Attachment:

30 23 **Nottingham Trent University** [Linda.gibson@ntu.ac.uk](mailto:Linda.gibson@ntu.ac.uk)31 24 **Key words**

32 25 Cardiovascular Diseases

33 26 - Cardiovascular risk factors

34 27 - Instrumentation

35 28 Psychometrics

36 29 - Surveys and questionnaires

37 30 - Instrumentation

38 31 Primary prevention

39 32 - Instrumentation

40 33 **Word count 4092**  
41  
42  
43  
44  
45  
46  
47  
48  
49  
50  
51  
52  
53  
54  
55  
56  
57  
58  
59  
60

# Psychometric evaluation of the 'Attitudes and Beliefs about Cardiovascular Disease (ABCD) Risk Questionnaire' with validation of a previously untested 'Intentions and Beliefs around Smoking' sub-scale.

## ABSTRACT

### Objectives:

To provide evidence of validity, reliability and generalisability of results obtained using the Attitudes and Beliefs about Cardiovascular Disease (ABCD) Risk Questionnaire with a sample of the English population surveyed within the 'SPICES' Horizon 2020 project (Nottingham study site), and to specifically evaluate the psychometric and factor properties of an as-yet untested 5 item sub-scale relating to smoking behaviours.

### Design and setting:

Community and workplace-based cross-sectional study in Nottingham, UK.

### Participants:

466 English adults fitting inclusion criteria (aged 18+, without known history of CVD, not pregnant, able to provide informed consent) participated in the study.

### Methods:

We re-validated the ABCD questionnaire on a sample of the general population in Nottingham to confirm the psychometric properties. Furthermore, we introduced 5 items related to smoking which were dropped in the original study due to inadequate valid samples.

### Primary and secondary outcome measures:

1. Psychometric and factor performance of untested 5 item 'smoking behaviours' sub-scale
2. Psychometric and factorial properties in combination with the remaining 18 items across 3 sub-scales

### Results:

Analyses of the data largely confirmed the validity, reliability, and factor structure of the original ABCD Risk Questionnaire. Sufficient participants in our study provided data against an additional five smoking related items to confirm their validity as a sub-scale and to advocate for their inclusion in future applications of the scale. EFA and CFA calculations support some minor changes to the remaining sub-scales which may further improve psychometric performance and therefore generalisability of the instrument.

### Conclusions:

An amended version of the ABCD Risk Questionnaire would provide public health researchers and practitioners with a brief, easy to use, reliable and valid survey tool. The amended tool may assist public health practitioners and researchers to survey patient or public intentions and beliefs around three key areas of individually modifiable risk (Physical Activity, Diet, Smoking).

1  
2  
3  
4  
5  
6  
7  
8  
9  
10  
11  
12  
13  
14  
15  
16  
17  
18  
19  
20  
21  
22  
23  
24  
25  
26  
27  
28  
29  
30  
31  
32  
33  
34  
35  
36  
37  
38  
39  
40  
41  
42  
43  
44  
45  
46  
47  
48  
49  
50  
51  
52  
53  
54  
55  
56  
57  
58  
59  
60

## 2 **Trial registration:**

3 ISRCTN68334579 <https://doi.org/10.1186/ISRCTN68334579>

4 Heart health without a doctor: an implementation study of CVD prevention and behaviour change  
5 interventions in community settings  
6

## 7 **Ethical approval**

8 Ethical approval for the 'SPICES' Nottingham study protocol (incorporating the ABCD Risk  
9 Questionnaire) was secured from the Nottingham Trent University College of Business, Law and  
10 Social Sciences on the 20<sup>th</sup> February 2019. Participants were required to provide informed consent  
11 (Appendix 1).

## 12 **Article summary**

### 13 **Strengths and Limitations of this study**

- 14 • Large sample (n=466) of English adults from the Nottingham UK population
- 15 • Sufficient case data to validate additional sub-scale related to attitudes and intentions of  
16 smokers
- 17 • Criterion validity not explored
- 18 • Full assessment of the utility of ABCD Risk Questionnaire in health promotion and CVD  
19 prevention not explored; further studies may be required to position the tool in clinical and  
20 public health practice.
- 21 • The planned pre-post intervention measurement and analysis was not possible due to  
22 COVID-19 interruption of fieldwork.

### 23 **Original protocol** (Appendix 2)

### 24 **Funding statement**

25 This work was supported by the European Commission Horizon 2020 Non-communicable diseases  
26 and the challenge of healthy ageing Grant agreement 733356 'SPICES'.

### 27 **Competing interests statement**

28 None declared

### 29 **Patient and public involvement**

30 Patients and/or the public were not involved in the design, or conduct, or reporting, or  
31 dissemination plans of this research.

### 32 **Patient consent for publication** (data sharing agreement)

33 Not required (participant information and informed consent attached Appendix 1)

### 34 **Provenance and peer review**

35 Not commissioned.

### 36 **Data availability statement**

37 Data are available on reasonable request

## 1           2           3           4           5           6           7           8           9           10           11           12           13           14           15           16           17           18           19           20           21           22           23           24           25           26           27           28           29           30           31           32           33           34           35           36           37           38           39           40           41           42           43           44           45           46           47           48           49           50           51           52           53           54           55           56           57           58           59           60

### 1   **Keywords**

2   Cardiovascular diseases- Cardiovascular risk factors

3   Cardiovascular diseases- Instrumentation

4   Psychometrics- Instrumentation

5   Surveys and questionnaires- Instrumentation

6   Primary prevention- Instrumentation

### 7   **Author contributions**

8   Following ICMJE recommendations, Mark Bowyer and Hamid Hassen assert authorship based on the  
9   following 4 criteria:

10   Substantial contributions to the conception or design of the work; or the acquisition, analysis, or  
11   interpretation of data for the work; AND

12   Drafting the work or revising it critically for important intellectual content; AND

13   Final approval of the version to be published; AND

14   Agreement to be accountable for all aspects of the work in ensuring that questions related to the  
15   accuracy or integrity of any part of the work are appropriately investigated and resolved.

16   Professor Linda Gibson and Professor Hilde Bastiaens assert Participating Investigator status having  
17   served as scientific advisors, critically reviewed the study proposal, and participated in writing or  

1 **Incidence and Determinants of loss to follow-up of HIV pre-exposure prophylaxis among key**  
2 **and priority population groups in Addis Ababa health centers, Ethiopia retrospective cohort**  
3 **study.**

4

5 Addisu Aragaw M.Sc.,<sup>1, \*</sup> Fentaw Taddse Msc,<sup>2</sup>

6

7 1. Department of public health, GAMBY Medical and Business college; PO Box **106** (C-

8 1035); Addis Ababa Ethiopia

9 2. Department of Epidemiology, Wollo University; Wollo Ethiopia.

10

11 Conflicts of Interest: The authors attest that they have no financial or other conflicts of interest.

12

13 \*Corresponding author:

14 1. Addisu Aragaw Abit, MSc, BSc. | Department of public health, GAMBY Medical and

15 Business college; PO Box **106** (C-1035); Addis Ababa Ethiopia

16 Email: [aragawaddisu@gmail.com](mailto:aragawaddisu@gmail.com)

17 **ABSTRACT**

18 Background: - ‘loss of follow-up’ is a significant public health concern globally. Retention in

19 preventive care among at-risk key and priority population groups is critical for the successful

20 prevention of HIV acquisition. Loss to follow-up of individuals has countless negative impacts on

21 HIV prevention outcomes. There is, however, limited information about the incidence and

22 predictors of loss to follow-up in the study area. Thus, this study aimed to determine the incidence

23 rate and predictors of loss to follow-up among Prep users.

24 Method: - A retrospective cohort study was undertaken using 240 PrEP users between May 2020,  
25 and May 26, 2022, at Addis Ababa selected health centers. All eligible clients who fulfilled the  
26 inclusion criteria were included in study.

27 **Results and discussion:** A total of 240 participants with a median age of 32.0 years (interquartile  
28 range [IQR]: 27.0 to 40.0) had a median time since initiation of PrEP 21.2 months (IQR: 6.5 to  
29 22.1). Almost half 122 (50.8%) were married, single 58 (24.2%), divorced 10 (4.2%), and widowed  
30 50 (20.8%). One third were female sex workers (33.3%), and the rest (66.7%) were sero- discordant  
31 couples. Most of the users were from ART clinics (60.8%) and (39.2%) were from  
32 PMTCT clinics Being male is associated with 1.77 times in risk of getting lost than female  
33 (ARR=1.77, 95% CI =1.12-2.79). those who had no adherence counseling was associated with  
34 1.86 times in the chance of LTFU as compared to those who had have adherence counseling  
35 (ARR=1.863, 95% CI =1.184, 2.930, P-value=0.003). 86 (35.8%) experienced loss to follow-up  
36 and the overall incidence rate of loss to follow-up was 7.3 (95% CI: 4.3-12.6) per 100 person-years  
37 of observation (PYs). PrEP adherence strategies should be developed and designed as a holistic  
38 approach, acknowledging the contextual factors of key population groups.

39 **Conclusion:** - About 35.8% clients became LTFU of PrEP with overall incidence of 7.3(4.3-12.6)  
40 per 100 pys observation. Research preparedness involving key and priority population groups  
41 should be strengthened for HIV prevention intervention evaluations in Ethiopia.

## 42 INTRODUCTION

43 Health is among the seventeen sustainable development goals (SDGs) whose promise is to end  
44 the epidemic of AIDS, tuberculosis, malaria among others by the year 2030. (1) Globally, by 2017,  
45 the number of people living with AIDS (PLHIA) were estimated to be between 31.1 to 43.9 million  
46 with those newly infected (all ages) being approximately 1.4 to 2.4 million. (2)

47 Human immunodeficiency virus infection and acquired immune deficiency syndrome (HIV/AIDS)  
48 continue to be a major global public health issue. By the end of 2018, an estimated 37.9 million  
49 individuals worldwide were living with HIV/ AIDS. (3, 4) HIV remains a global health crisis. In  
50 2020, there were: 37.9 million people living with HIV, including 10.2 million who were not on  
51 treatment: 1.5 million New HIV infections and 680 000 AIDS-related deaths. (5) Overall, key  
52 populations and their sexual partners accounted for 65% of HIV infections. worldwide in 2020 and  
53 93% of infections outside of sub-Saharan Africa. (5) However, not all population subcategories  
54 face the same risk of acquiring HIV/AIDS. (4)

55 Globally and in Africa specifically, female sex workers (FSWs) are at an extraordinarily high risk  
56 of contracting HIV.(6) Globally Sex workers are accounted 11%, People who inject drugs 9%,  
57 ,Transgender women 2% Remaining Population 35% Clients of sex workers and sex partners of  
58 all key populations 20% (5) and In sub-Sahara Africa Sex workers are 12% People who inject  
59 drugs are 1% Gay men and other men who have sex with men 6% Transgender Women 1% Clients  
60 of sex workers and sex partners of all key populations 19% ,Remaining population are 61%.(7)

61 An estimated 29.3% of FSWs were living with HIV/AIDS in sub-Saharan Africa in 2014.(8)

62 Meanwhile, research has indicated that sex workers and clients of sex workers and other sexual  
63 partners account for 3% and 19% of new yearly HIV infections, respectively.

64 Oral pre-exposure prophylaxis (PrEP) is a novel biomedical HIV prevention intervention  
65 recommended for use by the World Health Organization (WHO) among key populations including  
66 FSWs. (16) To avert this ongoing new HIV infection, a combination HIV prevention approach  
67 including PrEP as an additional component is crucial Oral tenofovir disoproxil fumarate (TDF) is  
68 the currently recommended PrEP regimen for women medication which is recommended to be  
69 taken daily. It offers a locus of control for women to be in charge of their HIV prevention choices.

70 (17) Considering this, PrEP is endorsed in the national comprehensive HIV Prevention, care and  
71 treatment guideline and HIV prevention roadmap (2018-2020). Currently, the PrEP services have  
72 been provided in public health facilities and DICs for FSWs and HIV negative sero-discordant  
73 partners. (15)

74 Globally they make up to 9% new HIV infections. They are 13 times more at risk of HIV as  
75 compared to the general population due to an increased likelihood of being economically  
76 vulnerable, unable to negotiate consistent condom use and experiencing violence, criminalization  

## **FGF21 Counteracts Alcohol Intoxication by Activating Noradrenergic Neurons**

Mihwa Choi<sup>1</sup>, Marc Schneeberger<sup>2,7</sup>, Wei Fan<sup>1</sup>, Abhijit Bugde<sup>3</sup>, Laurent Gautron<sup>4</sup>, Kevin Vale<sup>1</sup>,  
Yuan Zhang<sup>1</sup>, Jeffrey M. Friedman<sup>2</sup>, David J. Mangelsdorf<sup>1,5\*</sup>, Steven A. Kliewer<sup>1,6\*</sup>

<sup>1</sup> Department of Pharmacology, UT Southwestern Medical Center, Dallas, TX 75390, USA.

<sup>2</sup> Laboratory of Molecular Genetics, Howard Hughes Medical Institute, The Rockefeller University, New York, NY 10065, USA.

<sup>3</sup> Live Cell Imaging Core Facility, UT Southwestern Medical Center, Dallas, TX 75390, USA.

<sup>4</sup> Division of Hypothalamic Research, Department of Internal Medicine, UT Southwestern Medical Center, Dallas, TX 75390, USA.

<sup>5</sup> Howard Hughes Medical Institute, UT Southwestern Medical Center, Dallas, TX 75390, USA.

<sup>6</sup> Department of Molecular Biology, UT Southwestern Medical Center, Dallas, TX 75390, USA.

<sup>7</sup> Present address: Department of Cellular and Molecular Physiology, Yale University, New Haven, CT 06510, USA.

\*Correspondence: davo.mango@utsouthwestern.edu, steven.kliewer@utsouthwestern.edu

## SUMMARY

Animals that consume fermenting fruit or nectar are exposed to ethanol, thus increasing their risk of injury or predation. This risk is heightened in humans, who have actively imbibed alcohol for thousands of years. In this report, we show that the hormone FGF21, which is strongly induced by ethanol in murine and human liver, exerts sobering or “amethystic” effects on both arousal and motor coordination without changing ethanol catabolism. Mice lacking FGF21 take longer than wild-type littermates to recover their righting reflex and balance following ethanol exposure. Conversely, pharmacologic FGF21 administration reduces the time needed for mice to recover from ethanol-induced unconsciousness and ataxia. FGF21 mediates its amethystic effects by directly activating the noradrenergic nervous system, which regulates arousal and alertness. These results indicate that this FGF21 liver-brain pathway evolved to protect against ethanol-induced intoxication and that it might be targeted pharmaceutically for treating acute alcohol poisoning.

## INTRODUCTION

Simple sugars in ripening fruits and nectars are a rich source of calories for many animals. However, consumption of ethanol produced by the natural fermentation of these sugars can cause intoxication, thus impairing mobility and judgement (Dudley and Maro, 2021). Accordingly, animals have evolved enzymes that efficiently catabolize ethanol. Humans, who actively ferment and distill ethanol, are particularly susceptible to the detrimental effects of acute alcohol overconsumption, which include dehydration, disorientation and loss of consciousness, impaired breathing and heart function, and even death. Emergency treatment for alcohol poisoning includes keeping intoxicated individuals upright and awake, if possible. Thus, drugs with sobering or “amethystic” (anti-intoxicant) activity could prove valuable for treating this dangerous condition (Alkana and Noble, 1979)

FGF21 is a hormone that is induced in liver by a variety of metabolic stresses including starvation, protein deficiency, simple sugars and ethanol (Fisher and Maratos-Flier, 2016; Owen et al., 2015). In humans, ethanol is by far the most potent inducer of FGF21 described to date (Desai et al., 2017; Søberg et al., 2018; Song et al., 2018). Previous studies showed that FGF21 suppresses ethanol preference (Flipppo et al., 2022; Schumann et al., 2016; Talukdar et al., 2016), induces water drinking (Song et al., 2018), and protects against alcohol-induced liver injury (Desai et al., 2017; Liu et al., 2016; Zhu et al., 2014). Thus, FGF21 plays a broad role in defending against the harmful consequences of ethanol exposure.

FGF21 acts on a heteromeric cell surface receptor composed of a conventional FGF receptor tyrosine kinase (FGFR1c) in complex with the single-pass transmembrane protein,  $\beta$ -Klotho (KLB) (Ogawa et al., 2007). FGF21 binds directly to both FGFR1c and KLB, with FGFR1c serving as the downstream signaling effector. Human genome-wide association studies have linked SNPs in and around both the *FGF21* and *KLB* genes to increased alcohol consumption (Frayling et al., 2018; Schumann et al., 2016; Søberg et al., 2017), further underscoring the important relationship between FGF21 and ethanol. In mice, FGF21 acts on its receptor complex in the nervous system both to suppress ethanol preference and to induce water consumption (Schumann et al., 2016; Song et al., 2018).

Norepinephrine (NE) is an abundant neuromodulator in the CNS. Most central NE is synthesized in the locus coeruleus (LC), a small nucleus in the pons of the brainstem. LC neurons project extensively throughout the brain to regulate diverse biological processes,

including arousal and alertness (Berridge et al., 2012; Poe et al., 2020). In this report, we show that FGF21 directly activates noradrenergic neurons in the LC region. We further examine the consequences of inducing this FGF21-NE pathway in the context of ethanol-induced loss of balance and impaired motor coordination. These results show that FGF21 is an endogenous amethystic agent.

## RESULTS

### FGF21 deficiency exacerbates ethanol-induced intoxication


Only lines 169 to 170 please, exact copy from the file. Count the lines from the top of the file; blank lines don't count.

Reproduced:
8 1035); Addis Ababa Ethiopia

9 2. Department of Epidemiology, Wollo University; Wollo Ethiopia.